The Wisconsin Supreme Court held an open administrative conference on October 9, 2023, to consider a petition (No. 22-03) filed by Legal Action of Wisconsin (LAW) concerning the retention of court records in eviction cases. Evictions are heard in small claims courts throughout the state. LAW’s petition asked the court to shorten court record retention rules so that cases where no money judgment was entered against a tenant would be deleted from the state CCAP filing system after one year. LAW’s petition did not seek to change the current rule that eviction cases with a money judgment remain public for 20 years.
1. So what exactly did the seven justices decide at their October 9 conference?
Exactly what they decided is not yet certain. While they took a 4-3 vote in favor of changing the record retention rules this has to be put in writing and formally issued as an order by the court. There may then be separate opinions by justices supporting or opposing the changes.
Contrary to the impression from some media coverage, any eviction where a landlord gets a judgment for back rent or even just a judgment for court costs if the tenant moves out WILL NOT “go away” after two years. Those eviction cases remain public for 20 YEARS.
2. Reporting by the media says the court “sided with tenant advocates.” Is that what happened?
The media might be interpreting the 4-3 vote as the majority siding with tenant advocates and the minority siding with landlord advocates. But while we don’t yet have a written order the majority vote clearly rejected LAW’s request for a one year record retention and declared that dismissed evictions would remain public for two years. Numerous tenant advocates and social agencies had filed comments in support of the one year rule. The media failed to look at the comment submitted by major Wisconsin rental property owner groups which opposed a one-year rule but suggested the court adopt a two-year rule. So this 4-3 decision actually sided with the landlords.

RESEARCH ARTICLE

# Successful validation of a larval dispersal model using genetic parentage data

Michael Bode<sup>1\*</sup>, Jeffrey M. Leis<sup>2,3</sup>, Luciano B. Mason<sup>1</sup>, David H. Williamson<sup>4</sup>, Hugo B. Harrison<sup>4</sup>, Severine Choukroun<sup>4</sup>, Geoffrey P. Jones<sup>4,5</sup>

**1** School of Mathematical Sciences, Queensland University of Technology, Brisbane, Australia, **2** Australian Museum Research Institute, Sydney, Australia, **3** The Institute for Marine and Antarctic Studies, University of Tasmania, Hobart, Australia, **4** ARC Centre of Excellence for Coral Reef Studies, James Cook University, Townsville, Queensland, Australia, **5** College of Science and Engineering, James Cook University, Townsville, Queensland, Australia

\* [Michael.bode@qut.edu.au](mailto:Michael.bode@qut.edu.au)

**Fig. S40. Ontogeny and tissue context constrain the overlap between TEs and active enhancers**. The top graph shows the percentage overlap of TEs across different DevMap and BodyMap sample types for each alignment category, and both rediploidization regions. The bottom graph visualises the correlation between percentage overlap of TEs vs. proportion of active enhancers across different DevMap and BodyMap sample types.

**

3. Are Wisconsin landlords generally in favor of a rule whereby dismissed evictions aren’t searchable anymore after two years?
Many owners would probably prefer a longer look-back period than two years. Some larger owners have policies whereby they want to know of any evictions filed against a prospective tenant for a time period of between three and seven years. Credit histories are generally maintained for seven years by credit reporting agencies, for example.
4. So why did the landlord groups propose a two-year rule?
For two reasons. First the existing Supreme Court Rule SCR 72.01(8) which governs all small claims cases including evictions already operates to remove many eviction records on CCAP two years after the case is closed. For example, of the 1,101 evictions filed in Milwaukee County in December 2019, 517 are not viewable by landlords using CCAP to screen tenants. Secondly, landlord groups supported a statute favorable to tenants passed in 2018. Section 258.20(2)(b) gives the Director of State Courts the authority to remove eviction cases after two years if no money judgment has been docketed. The statute also cuts the retention period to ten years from twenty years for cases where a writ of restitution was issued against the tenant.
5. Why were three justices opposed to the two-year rule if there wasn’t any strong opposition to it by any of the interested parties?
We’ll have to see what any dissenting opinions might say but of course this issue on eviction records doesn’t just involve tenants and landlords as interested parties. The public also has a strong interest in open records. Just because a current landlord and tenant might agree that an eviction record should be effectively sealed doesn’t mean that future landlords or other credit providers don’t have the right to see whether someone has a track record of not paying rent. Even private parties: if you are a person looking for a roommate to share an apartment you’d want to know if someone didn’t pay their rent three years ago, even if the eviction filed against them was dismissed because they moved out just before the court hearing.
6. At the oral hearing on the petition on September 7, 2023, tenant advocates proposed that the Wisconsin Supreme Court and not the Wisconsin Legislature should have ultimate authority over court record retention rules. Has that question been decided?
That legal question may not be covered when the court issues its written order. But it was revealing that Justice Rebecca Dallet, who voted with the majority, said that the court was not contravening an act of the legislature. She pointed out the two-year provision in section 758.20 and stated that the legislature “had the right to do that and we are implementing their policy.”
This FAQ has been prepared by Atty Heiner Giese on behalf of the Rental Property Association of Wisconsin, Inc. (formerly AASEW) and other interested rental property owners and associations.